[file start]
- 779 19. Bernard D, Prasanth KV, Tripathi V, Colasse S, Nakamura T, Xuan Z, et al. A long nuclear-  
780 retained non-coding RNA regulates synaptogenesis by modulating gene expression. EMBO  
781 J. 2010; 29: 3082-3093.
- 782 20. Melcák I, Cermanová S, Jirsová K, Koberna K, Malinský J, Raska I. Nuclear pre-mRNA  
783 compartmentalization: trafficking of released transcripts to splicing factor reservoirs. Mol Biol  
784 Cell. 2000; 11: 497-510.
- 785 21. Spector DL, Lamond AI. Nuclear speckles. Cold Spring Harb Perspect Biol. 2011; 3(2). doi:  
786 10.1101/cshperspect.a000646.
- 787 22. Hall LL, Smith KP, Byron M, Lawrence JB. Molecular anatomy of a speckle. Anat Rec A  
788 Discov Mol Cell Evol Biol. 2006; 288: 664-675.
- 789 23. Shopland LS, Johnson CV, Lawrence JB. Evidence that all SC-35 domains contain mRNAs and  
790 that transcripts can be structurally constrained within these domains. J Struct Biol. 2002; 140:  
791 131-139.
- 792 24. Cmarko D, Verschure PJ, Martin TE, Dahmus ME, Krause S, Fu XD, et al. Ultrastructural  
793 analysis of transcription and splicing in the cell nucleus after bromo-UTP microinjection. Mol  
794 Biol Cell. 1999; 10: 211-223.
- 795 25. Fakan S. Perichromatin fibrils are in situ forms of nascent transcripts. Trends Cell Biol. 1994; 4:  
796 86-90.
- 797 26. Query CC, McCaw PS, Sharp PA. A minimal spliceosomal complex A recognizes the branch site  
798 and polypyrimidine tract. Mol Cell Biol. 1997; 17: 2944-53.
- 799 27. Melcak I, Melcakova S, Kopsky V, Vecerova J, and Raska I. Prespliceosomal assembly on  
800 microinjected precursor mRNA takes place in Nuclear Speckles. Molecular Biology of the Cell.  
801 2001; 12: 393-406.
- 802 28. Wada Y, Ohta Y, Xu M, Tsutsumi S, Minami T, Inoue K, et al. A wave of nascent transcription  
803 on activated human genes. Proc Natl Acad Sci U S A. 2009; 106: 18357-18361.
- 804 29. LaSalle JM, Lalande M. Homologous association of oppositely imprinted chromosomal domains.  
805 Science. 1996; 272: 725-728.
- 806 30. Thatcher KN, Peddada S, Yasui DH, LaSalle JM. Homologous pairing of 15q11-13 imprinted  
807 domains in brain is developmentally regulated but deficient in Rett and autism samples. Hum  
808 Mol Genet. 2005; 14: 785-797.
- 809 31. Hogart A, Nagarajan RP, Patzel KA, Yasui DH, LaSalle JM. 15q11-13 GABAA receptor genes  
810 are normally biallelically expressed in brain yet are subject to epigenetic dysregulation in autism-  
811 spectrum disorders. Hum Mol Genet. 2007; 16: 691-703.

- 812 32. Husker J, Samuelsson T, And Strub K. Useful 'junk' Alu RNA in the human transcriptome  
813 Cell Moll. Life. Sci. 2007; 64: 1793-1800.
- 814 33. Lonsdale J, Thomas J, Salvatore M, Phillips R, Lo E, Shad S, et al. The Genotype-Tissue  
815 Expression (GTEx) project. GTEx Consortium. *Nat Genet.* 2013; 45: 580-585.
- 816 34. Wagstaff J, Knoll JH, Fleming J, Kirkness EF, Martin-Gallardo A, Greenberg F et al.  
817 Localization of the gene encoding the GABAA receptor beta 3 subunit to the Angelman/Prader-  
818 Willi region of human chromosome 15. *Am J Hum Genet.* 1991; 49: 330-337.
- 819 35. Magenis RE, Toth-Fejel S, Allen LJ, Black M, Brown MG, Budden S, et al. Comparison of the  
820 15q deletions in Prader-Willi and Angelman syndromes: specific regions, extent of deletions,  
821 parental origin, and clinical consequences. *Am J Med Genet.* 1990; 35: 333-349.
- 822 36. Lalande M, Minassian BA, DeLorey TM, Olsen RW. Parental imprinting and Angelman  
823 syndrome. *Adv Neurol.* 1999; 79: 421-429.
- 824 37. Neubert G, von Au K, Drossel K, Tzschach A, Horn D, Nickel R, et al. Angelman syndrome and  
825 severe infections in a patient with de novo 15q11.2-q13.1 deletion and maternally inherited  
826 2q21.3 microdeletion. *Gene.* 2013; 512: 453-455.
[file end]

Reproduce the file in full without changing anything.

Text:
- 779 19. Bernard D, Prasanth KV, Tripathi V, Colasse S, Nakamura T, Xuan Z, et al. A long nuclear-  
780 retained non-coding RNA regulates synaptogenesis by modulating gene expression. EMBO  
781 J. 2010; 29: 3082-3093.
- 782 20. Melcák I, Cermanová S, Jirsová K, Koberna K, Malinský J, Raska I. Nuclear pre-mRNA  
783 compartmentalization: trafficking of released transcripts to splicing factor reservoirs. Mol Biol  
784 Cell. 2000; 11: 497-510.
- 785 21. Spector DL, Lamond AI. Nuclear speckles. Cold Spring Harb Perspect Biol. 2011; 3(2). doi:  
786 10.1101/cshperspect.a000646.
- 787 22. Hall LL, Smith KP, Byron M, Lawrence JB. Molecular anatomy of a speckle. Anat Rec A  
788 Discov Mol Cell Evol Biol. 2006; 288: 664-675.
- 789 23. Shopland LS, Johnson CV, Lawrence JB. Evidence that all SC-35 domains contain mRNAs and  
790 that transcripts can be structurally constrained within these domains. J Struct Biol. 2002; 140:  
791 131-139.
- 792 24. Cmarko D, Verschure PJ, Martin TE, Dahmus ME, Krause S, Fu XD, et al. Ultrastructural  
793 analysis of transcription and splicing in the cell nucleus after bromo-UTP microinjection. Mol  
794 Biol Cell. 1999; 10: 211-223.
- 795 25. Fakan S. Perichromatin fibrils are in situ forms of nascent transcripts. Trends Cell Biol. 1994; 4:  
796 86-90.
- 797 26. Query CC, McCaw PS, Sharp PA. A minimal spliceosomal complex A recognizes the branch site  
798 and polypyrimidine tract. Mol Cell Biol. 1997; 17: 2944-53.
- 799 27. Melcak I, Melcakova S, Kopsky V, Vecerova J, and Raska I. Prespliceosomal assembly on  
800 microinjected precursor mRNA takes place in Nuclear Speckles. Molecular Biology of the Cell.  
801 2001; 12: 393-406.
- 802 28. Wada Y, Ohta Y, Xu M, Tsutsumi S, Minami T, Inoue K, et al. A wave of nascent transcription  
803 on activated human genes. Proc Natl Acad Sci U S A. 2009; 106: 18357-18361.
- 804 29. LaSalle JM, Lalande M. Homologous association of oppositely imprinted chromosomal domains.  
805 Science. 1996; 272: 725-728.
- 806 30. Thatcher KN, Peddada S, Yasui DH, LaSalle JM. Homologous pairing of 15q11-13 imprinted  
807 domains in brain is developmentally regulated but deficient in Rett and autism samples. Hum  
808 Mol Genet. 2005; 14: 785-797.
- 809 31. Hogart A, Nagarajan RP, Patzel KA, Yasui DH, LaSalle JM. 15q11-13 GABAA receptor genes  
810 are normally biallelically expressed in brain yet are subject to epigenetic dysregulation in autism-  
811 spectrum disorders. Hum Mol Genet. 2007; 16: 691-703.

- 812 32. Husker J, Samuelsson T, And Strub K. Useful 'junk' Alu RNA in the human transcriptome  
813 Cell Moll. Life. Sci. 2007; 64: 1793-1800.
- 814 33. Lonsdale J, Thomas J, Salvatore M, Phillips R, Lo E, Shad S, et al. The Genotype-Tissue  
815 Expression (GTEx) project. GTEx Consortium. *Nat Genet.* 2013; 45: 580-585.
- 816 34. Wagstaff J, Knoll JH, Fleming J, Kirkness EF, Martin-Gallardo A, Greenberg F et al.  
817 Localization of the gene encoding the GABAA receptor beta 3 subunit to the Angelman/Prader-  
818 Willi region of human chromosome 15. *Am J Hum Genet.* 1991; 49: 330-337.
- 819 35. Magenis RE, Toth-Fejel S, Allen LJ, Black M, Brown MG, Budden S, et al. Comparison of the  
820 15q deletions in Prader-Willi and Angelman syndromes: specific regions, extent of deletions,  
821 parental origin, and clinical consequences. *Am J Med Genet.* 1990; 35: 333-349.
- 822 36. Lalande M, Minassian BA, DeLorey TM, Olsen RW. Parental imprinting and Angelman  
823 syndrome. *Adv Neurol.* 1999; 79: 421-429.
- 824 37. Neubert G, von Au K, Drossel K, Tzschach A, Horn D, Nickel R, et al. Angelman syndrome and  
825 severe infections in a patient with de novo 15q11.2-q13.1 deletion and maternally inherited  
826 2q21.3 microdeletion. *Gene.* 2013; 512: 453-455.